Nearly 40 years later, during the Second Afghan War, the British- Indian army were defeated at Maiwand. Among the 969 dead was Lieutenant Edmund Osborne of the Royal Horse Artillery, who mounted a horse and charged the enemy with his sword to save a comrade’s life at the cost of his own.
His Afghanistan 1878-80 medal, in extremely fine condition, was estimated at £7000-9000 and sold at £16,000.
Few of the many 19th century British battles around the globe would pass today’s ‘woke’ scrutiny, certainly not the bloody victory at Maharajapore in 1843 against the Maratha empire which cemented British rule over most of northern and central India.
It was remembered at DNW in the form of the Maharajapor Star awarded to 2nd Lieutenant George Franklin Atkinson of the Bengal Engineers. The original ribbon was very distressed but the medal was catalogued as good, very fine and very rare and, at £7000, went for seven times the top estimate.
Among the 730 medals at DNW there was room for a rogue: one Bertram Simpson awarded the 1900 Defence of the Legations medal, alluding to the 55-day siege of international quarter of Peking during the Boxer Rebellion.
Simpson, a linguist working with the Chinese customs, was mentioned in dispatches for ‘exceptionally good service’ by British Minister Sir Claude MacDonald.
After the siege was relieved, Simpson was involved in organised looting on a scale only a Chinese speaker could manage. When a warrant was issued for his arrest, Simpson fled, travelling widely in the Far East while working as a political adviser to a sequence of Chinese governments.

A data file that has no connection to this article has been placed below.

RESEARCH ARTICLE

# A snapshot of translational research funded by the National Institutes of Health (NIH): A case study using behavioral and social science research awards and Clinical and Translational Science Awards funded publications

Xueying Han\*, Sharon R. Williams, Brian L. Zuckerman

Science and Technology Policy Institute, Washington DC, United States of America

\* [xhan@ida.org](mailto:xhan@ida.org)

In 1930, when in Tientsin organising propaganda for Northern Coalition rebels in the civil war, the Nanking Government requested his deportation to Britain. Instead Simpson was shot dead by three Chinese assassins in his house.
His Boxer Rebellion medal was estimated at £6000-8000 and sold at £11,000.
Outside of Webb’s medals, one of the highest prices was taken for a ‘freedom’ casket presented by the Carpenters’ Company to Colonel the Earl of Albemarle in recognition of his services with the City of London Imperial Volunteers.
The earl was colonel of the 12th Middlesex (Civil Service) Rifles and commanded the infantry battalion of the Imperial Volunteers during the Boer War. Pitched at £3000-4000, the 17in (44cm) long silver and enamelled cylindrical casket sold at £11,000.
The various Middlesex volunteer regiments and the Imperial Volunteers were of particular interest to Webb – about 170 medals, badges and accoutrements relating to them were on offer.
The two came together in a cast bronze memorial plaque removed when a bombed-out Highbury church was rebuilt in 1950.
One of 72 such plaques commissioned for the fallen by the Lord Mayor of London, it commemorated Edwin Yorke, a private in the 21st Middlesex (Finsbury) Volunteers and lance corporal in the City of London Imperial Volunteers who died in 1900 at Bloemfontein aged 21.
Cast by Coalbrookdale, the 2ft 9in (85cm) wide plaque had some losses but was in otherwise good condition and against a £300-500 estimate sold at £4800.
Increasingly sought by collectors, 21 late 18th and early 19th century gorgets were on offer led by a c.1785- 97 copper-gilt example worn by an officer of the 57th (West Middlesex) Regiment.
Partially rubbed and with some dents, it was otherwise in good condition and made an eight-times estimate £3400.